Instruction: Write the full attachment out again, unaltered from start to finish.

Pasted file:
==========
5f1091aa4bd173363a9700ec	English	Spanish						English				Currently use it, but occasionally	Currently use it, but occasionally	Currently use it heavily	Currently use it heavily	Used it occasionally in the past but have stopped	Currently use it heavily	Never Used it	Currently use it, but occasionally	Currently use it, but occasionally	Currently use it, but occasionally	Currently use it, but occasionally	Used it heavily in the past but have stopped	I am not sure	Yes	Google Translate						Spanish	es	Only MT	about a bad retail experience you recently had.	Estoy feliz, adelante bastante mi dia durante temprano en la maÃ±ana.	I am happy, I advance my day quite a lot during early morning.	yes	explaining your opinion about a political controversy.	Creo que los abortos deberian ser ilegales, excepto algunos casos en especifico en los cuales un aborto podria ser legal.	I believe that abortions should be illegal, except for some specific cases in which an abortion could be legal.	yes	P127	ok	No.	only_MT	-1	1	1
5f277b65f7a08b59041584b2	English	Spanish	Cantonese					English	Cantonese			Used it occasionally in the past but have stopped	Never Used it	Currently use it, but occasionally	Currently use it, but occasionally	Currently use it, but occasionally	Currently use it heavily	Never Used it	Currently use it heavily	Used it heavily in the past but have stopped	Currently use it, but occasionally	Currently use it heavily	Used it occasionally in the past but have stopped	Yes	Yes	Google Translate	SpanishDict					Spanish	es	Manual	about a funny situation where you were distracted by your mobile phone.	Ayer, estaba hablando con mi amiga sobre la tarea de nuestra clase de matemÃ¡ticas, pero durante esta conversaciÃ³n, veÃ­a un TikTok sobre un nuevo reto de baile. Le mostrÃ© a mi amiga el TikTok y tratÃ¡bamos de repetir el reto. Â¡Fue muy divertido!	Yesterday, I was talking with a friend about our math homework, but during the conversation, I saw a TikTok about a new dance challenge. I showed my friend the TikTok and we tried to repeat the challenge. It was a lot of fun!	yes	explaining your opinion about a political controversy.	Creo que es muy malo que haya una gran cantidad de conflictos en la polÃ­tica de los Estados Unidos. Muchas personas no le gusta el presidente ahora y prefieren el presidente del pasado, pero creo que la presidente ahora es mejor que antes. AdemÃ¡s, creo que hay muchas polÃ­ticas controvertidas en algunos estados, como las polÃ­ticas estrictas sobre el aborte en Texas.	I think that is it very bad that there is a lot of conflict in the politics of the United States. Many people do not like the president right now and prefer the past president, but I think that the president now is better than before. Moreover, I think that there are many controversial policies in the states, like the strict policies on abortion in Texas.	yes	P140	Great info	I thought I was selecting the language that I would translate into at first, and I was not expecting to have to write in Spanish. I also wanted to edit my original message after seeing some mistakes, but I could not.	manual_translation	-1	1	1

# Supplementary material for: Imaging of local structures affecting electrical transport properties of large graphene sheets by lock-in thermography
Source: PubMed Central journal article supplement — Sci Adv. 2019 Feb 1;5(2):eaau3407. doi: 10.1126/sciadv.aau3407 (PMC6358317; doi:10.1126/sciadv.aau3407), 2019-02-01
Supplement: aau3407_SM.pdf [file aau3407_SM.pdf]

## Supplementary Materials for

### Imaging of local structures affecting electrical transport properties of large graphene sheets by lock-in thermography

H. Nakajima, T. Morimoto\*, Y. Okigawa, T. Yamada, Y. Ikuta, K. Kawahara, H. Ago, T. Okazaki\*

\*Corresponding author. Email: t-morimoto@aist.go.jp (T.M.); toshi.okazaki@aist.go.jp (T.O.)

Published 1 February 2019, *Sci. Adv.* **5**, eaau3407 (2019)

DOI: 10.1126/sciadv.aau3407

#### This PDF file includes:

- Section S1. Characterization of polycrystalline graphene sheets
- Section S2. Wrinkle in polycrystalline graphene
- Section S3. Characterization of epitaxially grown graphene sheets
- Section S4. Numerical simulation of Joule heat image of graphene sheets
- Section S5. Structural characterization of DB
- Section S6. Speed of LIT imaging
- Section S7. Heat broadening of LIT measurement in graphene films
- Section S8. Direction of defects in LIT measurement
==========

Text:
5f1091aa4bd173363a9700ec	English	Spanish						English				Currently use it, but occasionally	Currently use it, but occasionally	Currently use it heavily	Currently use it heavily	Used it occasionally in the past but have stopped	Currently use it heavily	Never Used it	Currently use it, but occasionally	Currently use it, but occasionally	Currently use it, but occasionally	Currently use it, but occasionally	Used it heavily in the past but have stopped	I am not sure	Yes	Google Translate						Spanish	es	Only MT	about a bad retail experience you recently had.	Estoy feliz, adelante bastante mi dia durante temprano en la maÃ±ana.	I am happy, I advance my day quite a lot during early morning.	yes	explaining your opinion about a political controversy.	Creo que los abortos deberian ser ilegales, excepto algunos casos en especifico en los cuales un aborto podria ser legal.	I believe that abortions should be illegal, except for some specific cases in which an abortion could be legal.	yes	P127	ok	No.	only_MT	-1	1	1
5f277b65f7a08b59041584b2	English	Spanish	Cantonese					English	Cantonese			Used it occasionally in the past but have stopped	Never Used it	Currently use it, but occasionally	Currently use it, but occasionally	Currently use it, but occasionally	Currently use it heavily	Never Used it	Currently use it heavily	Used it heavily in the past but have stopped	Currently use it, but occasionally	Currently use it heavily	Used it occasionally in the past but have stopped	Yes	Yes	Google Translate	SpanishDict					Spanish	es	Manual	about a funny situation where you were distracted by your mobile phone.	Ayer, estaba hablando con mi amiga sobre la tarea de nuestra clase de matemÃ¡ticas, pero durante esta conversaciÃ³n, veÃ­a un TikTok sobre un nuevo reto de baile. Le mostrÃ© a mi amiga el TikTok y tratÃ¡bamos de repetir el reto. Â¡Fue muy divertido!	Yesterday, I was talking with a friend about our math homework, but during the conversation, I saw a TikTok about a new dance challenge. I showed my friend the TikTok and we tried to repeat the challenge. It was a lot of fun!	yes	explaining your opinion about a political controversy.	Creo que es muy malo que haya una gran cantidad de conflictos en la polÃ­tica de los Estados Unidos. Muchas personas no le gusta el presidente ahora y prefieren el presidente del pasado, pero creo que la presidente ahora es mejor que antes. AdemÃ¡s, creo que hay muchas polÃ­ticas controvertidas en algunos estados, como las polÃ­ticas estrictas sobre el aborte en Texas.	I think that is it very bad that there is a lot of conflict in the politics of the United States. Many people do not like the president right now and prefer the past president, but I think that the president now is better than before. Moreover, I think that there are many controversial policies in the states, like the strict policies on abortion in Texas.	yes	P140	Great info	I thought I was selecting the language that I would translate into at first, and I was not expecting to have to write in Spanish. I also wanted to edit my original message after seeing some mistakes, but I could not.	manual_translation	-1	1	1

# Supplementary material for: Imaging of local structures affecting electrical transport properties of large graphene sheets by lock-in thermography
Source: PubMed Central journal article supplement — Sci Adv. 2019 Feb 1;5(2):eaau3407. doi: 10.1126/sciadv.aau3407 (PMC6358317; doi:10.1126/sciadv.aau3407), 2019-02-01
Supplement: aau3407_SM.pdf [file aau3407_SM.pdf]

## Supplementary Materials for

### Imaging of local structures affecting electrical transport properties of large graphene sheets by lock-in thermography

H. Nakajima, T. Morimoto\*, Y. Okigawa, T. Yamada, Y. Ikuta, K. Kawahara, H. Ago, T. Okazaki\*

\*Corresponding author. Email: t-morimoto@aist.go.jp (T.M.); toshi.okazaki@aist.go.jp (T.O.)

Published 1 February 2019, *Sci. Adv.* **5**, eaau3407 (2019)

DOI: 10.1126/sciadv.aau3407

#### This PDF file includes:

- Section S1. Characterization of polycrystalline graphene sheets
- Section S2. Wrinkle in polycrystalline graphene
- Section S3. Characterization of epitaxially grown graphene sheets
- Section S4. Numerical simulation of Joule heat image of graphene sheets
- Section S5. Structural characterization of DB
- Section S6. Speed of LIT imaging
- Section S7. Heat broadening of LIT measurement in graphene films
- Section S8. Direction of defects in LIT measurement